Former LMDC officer sentenced to federal prison after video showed him punching inmate
LOUISVILLE, KY (WAVE) - A former officer with Louisville Metro Department of Corrections will spend two years in prison for punching a handcuffed inmate.
David Schwartz received that sentence in federal court Thursday after an emotional plea from his family for probation instead. The judge denied that request, stating that he was in a position of trust and authority over some of the most vulnerable citizens.
WAVE 3 News Troubleshooters first broke the story a year ago, exposing the body camera video showing Schwartz punching Terry Whitehead in the face even though Whitehead was in handcuffs. The judge pointed out that Whitehead was not a threat during the time of the punch.
Schwartz was fired immediately by Mark Bolton, the former director of the jail, after another officer came forward about the attack. Bolton, at the time, called Schwartz’s actions a “fit of rage.”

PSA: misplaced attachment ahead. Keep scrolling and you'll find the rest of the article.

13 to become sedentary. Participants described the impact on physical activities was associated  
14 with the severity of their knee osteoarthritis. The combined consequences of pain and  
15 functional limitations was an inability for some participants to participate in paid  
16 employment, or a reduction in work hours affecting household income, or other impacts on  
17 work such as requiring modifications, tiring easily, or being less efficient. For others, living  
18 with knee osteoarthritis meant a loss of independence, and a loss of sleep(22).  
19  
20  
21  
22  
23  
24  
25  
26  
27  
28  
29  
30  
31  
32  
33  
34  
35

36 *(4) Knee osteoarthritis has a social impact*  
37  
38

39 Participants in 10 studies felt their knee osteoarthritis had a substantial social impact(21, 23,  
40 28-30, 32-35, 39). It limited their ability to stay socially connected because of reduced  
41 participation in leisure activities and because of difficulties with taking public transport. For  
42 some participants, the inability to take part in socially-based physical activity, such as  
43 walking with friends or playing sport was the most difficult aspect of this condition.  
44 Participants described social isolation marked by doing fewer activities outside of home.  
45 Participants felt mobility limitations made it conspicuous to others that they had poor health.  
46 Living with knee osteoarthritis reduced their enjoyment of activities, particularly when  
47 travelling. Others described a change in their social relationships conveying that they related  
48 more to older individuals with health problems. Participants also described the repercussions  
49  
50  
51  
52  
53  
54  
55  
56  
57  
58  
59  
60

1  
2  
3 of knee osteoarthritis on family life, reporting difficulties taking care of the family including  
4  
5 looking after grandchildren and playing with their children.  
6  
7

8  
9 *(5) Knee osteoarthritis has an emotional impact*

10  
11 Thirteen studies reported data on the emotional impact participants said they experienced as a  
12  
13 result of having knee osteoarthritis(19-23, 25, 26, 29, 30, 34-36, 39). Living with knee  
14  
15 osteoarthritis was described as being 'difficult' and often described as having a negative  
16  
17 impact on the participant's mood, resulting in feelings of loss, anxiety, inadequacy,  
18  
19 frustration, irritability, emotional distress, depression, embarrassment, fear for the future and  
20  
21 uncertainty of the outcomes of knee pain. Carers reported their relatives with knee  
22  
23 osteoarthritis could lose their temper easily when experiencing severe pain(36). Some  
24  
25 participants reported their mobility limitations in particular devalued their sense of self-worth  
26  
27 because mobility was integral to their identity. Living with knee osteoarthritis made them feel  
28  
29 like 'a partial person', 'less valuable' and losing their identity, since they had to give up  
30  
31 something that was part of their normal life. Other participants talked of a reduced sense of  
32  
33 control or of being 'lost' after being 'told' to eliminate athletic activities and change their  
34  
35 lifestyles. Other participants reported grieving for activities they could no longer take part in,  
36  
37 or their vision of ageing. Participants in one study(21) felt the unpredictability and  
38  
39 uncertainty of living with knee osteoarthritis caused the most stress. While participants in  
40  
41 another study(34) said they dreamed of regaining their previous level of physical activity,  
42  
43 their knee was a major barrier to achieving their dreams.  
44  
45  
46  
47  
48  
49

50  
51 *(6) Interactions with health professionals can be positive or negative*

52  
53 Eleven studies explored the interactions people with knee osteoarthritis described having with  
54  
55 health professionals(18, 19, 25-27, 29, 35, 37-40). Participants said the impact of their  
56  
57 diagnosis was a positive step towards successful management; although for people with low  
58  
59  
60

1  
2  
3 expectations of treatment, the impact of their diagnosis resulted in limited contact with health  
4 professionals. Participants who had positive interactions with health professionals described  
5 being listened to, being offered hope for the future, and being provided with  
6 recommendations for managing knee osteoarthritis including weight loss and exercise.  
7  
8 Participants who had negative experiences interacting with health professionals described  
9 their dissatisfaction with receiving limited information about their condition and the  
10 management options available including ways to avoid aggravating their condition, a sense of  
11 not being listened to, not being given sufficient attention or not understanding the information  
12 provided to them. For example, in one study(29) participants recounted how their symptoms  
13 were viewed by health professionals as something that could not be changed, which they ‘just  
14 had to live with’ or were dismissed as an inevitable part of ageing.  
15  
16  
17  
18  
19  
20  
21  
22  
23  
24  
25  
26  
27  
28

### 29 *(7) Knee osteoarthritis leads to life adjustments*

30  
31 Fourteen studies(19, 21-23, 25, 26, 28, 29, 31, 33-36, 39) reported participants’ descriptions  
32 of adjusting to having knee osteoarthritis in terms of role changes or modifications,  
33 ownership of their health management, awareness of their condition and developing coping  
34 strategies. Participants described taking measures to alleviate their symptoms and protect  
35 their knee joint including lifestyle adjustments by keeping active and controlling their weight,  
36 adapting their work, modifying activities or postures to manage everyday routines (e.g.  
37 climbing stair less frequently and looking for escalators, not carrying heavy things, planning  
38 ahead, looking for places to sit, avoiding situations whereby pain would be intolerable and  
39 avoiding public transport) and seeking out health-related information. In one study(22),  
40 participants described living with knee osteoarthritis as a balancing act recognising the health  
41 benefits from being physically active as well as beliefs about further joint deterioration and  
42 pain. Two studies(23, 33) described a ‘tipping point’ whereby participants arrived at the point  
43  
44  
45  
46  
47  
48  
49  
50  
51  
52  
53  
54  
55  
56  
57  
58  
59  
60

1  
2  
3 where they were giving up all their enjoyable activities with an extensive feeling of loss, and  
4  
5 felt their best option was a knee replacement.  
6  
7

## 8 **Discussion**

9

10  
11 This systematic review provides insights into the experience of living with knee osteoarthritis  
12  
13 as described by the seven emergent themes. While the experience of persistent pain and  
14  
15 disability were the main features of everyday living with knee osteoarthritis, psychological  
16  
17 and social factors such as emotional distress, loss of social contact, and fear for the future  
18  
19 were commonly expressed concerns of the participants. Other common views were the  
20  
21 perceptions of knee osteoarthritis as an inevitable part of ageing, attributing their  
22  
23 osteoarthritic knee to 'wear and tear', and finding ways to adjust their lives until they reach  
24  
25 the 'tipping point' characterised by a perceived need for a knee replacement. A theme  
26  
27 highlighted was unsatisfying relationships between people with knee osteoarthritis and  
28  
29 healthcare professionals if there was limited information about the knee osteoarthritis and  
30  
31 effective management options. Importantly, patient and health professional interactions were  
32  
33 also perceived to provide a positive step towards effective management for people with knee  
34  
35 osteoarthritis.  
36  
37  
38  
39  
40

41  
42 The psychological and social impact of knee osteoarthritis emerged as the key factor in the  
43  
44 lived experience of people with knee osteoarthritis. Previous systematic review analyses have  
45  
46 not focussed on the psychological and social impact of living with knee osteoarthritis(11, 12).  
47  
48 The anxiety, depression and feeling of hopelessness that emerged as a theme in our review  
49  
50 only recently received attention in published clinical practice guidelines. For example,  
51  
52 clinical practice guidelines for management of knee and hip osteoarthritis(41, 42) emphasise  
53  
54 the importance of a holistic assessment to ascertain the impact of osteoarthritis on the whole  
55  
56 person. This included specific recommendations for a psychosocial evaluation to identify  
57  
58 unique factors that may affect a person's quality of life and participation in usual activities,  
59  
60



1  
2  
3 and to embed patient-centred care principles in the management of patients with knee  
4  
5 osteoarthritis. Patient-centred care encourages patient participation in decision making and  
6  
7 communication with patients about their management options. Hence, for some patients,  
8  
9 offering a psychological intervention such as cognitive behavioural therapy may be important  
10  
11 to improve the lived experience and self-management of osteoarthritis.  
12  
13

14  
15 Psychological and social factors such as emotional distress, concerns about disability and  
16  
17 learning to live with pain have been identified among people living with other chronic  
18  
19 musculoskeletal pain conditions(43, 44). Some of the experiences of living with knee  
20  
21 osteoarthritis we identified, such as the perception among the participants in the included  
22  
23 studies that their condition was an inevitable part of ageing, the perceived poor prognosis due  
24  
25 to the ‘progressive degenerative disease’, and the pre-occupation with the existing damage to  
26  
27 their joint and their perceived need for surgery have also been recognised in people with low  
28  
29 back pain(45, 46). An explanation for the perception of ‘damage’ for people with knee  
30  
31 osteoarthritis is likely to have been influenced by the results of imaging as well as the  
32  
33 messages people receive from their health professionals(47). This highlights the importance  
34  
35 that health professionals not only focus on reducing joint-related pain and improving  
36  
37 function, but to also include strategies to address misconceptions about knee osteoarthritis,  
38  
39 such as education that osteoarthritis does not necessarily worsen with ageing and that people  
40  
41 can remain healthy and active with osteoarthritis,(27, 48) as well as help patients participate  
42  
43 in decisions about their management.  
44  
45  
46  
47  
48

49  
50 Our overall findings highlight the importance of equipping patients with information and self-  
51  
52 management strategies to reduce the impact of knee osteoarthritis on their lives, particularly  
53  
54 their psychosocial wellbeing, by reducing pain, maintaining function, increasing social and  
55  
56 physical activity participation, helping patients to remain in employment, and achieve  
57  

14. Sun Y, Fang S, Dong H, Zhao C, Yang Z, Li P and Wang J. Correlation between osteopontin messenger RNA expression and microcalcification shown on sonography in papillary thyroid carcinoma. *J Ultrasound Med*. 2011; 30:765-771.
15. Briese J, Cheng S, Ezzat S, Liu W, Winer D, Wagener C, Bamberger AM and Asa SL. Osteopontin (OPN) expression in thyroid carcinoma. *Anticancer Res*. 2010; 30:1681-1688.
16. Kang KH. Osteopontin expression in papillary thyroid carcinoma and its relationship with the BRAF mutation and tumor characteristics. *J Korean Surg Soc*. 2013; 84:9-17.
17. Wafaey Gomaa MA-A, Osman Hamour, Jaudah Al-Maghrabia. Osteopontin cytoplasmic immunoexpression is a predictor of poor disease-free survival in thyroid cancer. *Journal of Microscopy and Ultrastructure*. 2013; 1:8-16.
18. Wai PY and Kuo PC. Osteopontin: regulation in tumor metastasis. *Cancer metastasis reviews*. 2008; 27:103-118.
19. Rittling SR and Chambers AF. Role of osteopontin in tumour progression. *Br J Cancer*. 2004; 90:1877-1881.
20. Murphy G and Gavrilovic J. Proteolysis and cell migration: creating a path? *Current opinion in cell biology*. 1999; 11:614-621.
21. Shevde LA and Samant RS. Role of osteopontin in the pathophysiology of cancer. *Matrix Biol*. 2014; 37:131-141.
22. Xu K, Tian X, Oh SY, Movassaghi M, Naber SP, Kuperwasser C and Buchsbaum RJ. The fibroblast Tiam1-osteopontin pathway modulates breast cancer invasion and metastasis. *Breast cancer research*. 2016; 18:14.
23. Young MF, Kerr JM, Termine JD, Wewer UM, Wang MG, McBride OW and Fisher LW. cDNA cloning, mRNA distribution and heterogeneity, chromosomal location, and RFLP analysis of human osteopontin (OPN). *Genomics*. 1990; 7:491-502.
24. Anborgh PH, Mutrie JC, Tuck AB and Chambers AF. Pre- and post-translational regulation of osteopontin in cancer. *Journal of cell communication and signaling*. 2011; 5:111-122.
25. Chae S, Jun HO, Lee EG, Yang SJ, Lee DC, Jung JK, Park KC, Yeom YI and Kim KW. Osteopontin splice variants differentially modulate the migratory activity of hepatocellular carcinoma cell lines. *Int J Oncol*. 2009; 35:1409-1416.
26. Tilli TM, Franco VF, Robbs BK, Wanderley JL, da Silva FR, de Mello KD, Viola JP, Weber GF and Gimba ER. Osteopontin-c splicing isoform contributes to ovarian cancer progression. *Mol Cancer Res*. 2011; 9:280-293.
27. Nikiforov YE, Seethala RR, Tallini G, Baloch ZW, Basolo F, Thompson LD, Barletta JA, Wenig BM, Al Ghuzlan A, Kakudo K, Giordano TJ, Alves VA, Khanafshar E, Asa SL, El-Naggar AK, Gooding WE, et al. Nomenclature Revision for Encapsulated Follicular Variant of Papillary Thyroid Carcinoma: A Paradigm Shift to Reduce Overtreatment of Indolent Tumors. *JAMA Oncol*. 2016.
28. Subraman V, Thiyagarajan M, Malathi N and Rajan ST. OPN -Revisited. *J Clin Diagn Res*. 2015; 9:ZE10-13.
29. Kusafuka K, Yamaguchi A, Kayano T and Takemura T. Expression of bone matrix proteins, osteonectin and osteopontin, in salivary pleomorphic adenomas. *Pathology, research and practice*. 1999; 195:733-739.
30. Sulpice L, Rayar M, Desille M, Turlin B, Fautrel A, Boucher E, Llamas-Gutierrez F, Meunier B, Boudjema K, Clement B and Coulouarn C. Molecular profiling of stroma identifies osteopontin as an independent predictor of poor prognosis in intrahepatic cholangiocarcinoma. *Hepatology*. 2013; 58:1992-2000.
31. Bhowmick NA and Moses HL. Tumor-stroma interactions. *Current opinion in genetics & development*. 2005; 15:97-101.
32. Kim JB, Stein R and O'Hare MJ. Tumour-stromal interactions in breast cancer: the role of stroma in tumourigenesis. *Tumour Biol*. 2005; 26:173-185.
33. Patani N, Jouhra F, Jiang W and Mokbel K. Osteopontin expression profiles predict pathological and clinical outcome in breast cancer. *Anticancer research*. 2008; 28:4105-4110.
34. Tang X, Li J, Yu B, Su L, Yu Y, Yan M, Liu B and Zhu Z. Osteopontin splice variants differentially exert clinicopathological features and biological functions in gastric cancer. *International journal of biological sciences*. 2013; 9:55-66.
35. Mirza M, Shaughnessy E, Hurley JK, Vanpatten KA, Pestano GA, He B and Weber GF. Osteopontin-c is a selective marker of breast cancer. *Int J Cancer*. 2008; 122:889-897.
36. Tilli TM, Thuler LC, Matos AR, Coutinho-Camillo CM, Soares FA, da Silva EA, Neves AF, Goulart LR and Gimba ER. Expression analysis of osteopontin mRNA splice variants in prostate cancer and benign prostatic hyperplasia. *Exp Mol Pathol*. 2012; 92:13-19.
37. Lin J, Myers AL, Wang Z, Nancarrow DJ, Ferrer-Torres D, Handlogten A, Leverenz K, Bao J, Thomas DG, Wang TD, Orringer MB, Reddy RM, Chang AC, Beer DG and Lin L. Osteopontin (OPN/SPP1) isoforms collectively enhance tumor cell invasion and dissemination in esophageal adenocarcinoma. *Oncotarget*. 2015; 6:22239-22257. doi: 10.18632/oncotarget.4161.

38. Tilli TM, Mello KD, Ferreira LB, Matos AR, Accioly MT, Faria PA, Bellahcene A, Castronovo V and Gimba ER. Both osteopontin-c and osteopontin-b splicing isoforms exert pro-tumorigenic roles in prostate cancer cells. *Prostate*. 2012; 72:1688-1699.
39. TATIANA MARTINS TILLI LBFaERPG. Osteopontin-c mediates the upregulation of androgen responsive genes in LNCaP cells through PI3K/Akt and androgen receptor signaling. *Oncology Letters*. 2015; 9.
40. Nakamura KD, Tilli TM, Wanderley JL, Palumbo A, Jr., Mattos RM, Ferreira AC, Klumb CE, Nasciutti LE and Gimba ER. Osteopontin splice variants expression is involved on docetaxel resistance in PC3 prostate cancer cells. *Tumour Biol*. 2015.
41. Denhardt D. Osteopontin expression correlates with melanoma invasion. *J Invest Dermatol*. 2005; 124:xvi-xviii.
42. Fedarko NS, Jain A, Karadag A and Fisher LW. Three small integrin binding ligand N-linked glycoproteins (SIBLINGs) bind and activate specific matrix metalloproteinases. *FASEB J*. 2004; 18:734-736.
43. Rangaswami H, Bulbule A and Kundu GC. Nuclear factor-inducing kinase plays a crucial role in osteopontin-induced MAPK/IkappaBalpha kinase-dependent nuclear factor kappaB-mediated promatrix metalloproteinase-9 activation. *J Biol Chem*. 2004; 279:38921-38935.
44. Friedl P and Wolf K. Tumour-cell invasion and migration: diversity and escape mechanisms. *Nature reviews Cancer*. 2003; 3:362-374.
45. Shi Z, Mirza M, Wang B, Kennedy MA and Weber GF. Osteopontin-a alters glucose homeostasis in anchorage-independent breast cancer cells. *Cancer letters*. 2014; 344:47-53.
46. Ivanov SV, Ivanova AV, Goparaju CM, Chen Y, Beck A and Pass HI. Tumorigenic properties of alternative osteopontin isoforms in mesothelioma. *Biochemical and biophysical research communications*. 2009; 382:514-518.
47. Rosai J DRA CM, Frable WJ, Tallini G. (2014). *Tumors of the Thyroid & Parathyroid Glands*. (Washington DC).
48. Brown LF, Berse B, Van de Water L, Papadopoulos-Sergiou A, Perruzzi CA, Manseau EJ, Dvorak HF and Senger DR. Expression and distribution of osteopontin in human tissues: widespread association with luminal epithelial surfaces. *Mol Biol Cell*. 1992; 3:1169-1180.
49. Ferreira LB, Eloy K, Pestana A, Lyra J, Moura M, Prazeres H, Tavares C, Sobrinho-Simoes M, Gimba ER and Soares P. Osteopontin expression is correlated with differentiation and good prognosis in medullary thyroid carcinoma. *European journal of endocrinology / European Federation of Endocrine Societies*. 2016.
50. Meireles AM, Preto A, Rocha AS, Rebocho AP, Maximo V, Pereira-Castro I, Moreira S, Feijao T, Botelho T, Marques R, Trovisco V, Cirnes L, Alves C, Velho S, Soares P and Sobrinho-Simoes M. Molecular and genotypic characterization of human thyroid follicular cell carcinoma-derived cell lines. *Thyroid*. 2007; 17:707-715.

In court, Schwartz and his attorney argued for probation because he suffers from Post Traumatic Stress Syndrome acquired during his deployments as a Marine. He also said he’d suffered greatly during an apartment fire where he had to jump from a third-story window, breaking his back.
The prosecution argued that having PTSD did not excuse his behavior or writing up a fake citation accusing Whitehead of being the aggressor two days later.
On top of the prison sentence, Schwartz will also serve two additional years of probation.
Thursday, Schwartz's co-defendant, and former supervisor, Donna Gentry, was also sentenced. She previously pleaded guilty to one count, also in relation to the report which tried to paint the inmate as the aggressor.
Gentry received three years of probation with a 9 a.m. to 5 p.m. curfew for eight months of her sentence.
The ordeal is not over. A civil lawsuit will soon begin. It will also look at other factors, like why Schwartz, who suffered from PTSD and had a previous misdemeanor charge was hired in the first place.
Attorneys are also expected to examine why Gentry was never fired even though she had more than 30 disciplines and reprimands in her record and had been suspended a total of 12 times.
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